“I would say that the United States of America is at least 40 percent metric, perhaps even a little over 50 percent metric in practical terms,” said David Pearl, an Oregon government worker who, in his free time, is a self-appointed U.S. metric historian….”

This chestnut of 50% metric has been waved around probably for decades now, and there is not a single academic study, reference, or anything else, other than desired truthiness to back this claim up. I would like to know just how much metric is used in the US. I would like to see scholarly studies about metric usage that can be cited, and that offer up actual numbers. At this point I have no information that is substantial. I have my personal experience, and that can almost always be counted upon to be flawed.

A new tale with an old excuse is offered to explain the absence of metric in the US:

In the early days, the metric proponents lost elections and the customary—that is, pounds and inches—guys won. The issue continued to get tossed around, however. Then around the late 1870s, U.S. manufacturers of high-end machine tools effectively blocked the country’s metric conversion. By that time they were using a measurement system based on the inch and argued that retooling would be prohibitive.

This is new information to me. It was the outcome of 19th century elections and losses by pro-metric candidates that decided the fate of the metric system? I would very much like to see the source of this information or some primary sources upon which it is based. I don’t recall this information appearing in NIST historian Charles F. Treat’s A History of The Metric System Controversy in the US. This assertion would be an interesting new piece to the US non-metric puzzle, but probably not the smoking gun it seems to be offered as. Nineteenth-century pro-metric politician John Shafroth was re-elected and served as a US Representative, Senator, and was Governor of Colorado. In the twentieth century Clayborn Pell served six terms and opened the 1975 metric hearings.

John Bemelmans Marciano is brought in by the Atlantic to testify to the futility of any country adopting metric:

“I can’t overstate how much resistance there’s always been to metric in any country that adopted it,” Marciano said. “In Brazil, it caused a riot that went on for months. In France, it took decades and decades.” Yet, in the U.S., resistance seemed to prevail.

The article does address some actual problems that the US has experienced from its rejection of metric, such as medical dosage errors caused by teaspoon-tablespoon confusion. But the Atlantic once again calls on JBM’s “expertise” and his “extensive research”:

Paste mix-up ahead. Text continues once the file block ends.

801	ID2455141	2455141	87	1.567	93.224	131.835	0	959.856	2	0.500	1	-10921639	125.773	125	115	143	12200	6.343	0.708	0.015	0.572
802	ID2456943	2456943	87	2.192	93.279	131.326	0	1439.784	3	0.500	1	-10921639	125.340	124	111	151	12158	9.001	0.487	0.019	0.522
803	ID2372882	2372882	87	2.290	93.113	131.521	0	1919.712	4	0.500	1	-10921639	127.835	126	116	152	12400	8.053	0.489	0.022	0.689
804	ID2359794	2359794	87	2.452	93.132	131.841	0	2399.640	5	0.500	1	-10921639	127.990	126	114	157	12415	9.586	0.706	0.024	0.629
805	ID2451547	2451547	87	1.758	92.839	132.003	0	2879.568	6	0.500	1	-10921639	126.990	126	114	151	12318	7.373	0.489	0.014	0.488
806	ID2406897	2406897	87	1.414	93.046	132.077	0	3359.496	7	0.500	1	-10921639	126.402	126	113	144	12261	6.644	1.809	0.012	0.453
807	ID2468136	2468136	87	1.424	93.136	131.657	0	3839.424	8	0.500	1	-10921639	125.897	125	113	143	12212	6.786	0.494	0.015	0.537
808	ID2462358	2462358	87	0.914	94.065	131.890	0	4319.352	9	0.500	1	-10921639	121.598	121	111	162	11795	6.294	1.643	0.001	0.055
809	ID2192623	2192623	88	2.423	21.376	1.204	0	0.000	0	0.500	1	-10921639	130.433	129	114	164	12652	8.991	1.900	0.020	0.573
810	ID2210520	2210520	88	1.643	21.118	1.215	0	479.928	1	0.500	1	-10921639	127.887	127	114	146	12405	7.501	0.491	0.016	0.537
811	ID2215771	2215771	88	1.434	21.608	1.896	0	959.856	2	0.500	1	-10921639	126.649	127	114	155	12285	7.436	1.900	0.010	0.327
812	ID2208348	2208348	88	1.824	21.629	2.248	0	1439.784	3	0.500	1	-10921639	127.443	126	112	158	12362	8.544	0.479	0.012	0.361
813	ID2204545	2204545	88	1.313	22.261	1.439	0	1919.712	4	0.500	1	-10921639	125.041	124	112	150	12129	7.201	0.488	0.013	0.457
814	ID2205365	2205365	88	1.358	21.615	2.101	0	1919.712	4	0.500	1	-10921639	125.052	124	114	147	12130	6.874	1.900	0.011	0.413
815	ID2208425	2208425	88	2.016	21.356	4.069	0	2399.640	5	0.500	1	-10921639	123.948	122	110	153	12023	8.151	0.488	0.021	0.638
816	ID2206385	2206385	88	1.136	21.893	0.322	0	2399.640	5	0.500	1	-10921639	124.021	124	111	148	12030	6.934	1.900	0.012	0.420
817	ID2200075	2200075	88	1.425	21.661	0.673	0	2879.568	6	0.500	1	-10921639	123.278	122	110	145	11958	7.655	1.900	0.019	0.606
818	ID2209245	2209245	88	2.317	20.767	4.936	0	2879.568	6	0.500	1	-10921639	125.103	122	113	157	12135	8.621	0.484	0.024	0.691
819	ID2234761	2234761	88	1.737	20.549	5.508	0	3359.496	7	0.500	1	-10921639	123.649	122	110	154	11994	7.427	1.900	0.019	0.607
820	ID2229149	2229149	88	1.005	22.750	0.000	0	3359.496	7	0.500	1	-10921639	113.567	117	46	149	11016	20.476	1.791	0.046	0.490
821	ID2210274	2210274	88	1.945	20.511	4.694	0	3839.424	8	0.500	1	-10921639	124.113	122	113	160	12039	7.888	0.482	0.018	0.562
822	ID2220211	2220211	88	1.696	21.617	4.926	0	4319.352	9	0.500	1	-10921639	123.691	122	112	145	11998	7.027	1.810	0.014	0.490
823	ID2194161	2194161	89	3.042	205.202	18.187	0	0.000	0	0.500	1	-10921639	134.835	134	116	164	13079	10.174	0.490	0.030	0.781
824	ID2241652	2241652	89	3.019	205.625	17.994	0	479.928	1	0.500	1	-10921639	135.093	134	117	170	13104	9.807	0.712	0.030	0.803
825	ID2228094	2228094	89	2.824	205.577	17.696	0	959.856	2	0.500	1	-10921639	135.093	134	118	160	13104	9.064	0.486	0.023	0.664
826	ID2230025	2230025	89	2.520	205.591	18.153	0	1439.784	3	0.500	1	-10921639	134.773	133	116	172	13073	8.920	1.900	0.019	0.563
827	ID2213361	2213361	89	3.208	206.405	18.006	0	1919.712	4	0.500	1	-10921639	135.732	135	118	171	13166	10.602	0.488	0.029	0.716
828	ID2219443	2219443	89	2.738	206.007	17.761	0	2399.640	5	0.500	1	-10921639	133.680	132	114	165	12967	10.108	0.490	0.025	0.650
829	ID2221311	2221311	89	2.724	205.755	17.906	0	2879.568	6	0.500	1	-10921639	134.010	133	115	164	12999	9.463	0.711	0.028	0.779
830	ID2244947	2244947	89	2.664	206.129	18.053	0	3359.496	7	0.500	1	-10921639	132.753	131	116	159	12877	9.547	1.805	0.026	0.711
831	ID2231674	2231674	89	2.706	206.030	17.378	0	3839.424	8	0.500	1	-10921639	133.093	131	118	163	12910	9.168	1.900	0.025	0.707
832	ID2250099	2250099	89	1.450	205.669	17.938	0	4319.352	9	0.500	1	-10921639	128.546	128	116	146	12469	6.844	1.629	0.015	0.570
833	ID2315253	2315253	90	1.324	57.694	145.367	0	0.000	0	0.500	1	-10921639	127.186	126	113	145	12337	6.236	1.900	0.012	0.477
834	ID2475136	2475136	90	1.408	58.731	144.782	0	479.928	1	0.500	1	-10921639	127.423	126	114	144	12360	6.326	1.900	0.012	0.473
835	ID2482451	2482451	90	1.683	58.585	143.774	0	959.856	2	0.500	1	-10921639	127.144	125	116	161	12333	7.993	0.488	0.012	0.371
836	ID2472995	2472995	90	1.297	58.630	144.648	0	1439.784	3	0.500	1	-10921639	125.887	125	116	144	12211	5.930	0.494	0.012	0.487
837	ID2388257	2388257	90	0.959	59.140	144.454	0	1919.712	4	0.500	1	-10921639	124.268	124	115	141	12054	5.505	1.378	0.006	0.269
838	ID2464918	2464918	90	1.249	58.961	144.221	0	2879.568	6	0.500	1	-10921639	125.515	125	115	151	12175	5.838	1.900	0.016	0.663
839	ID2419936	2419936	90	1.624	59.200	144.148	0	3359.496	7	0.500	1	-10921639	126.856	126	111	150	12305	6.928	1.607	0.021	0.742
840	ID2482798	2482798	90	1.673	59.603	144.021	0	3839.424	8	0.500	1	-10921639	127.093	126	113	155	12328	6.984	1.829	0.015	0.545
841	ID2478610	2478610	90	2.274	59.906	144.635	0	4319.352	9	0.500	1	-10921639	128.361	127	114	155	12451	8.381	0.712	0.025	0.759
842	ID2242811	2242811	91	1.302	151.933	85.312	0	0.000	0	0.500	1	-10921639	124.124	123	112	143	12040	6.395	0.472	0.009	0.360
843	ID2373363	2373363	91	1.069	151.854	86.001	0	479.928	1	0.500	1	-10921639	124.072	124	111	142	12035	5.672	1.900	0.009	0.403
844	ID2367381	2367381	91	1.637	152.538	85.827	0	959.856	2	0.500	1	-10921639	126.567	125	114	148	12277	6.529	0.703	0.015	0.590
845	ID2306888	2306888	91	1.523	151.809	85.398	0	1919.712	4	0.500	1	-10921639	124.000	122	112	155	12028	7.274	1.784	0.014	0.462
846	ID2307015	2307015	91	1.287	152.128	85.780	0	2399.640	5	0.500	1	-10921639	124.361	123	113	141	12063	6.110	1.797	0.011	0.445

And Mitchell, the science teacher, says she’s witnessed firsthand that measurement bilingualism simply doesn’t work well in the classroom. “I think it’s just very confusing for kids.” She fears measurement confusion contributes to U.S. math and science woes. U.S. students have slid on their global ranking in science and math, according to the National Center for Education Statistics. In the most recent ranking, the U.S. was slotted between the Slovak Republic and Lithuania—just behind Russia. Still, there’s no evidence that Americans’ shaky embrace of metric accounts for math and science troubles. And Marciano, who spent three years researching his book, finds Mitchell’s argument preposterous—akin to saying humans can’t master two languages.

The comparison of measurement systems with human languages was the same red herring used by former NIST director Patrick Gallagher. It is the same narrative, the same story, the same myth repeated over and over in the press and by their celebrated persons. Why?—because it offers Americans a comforting truthiness. Clayton continues with another meme:

Why, then—if junior scientists applaud the effort, NIST supports it, and my kids and I had so much fun going metric in the kitchen—has a total switch to metric been such an epic battle with the public?

I have pointed out many times that the history of the metric system in the US seems to have very little to do with the public. The tale of the Metric Populist Uprising of the 1970s is but a comforting mythology. The 1975 Metric Hearings demonstrated that mandatory metrication of the US was never contemplated or enacted—period. Metric reform in the US never dies, it makes an evanescent appearance and then fades away.

The second essay offered up by The Atlantic is called Who’s Afraid of the Metric System? Stephen Mihm, an associate professor of history at the University of Georgia is interviewed about the metric system. Mihm indicates that it was makers of machine tools who thwarted the implementation of metric in the US. Mihm is said to be working on a book titled Mastering Modernity: Weights, Measures, and the Standardization of American Life. Early into the interview this exchange takes place: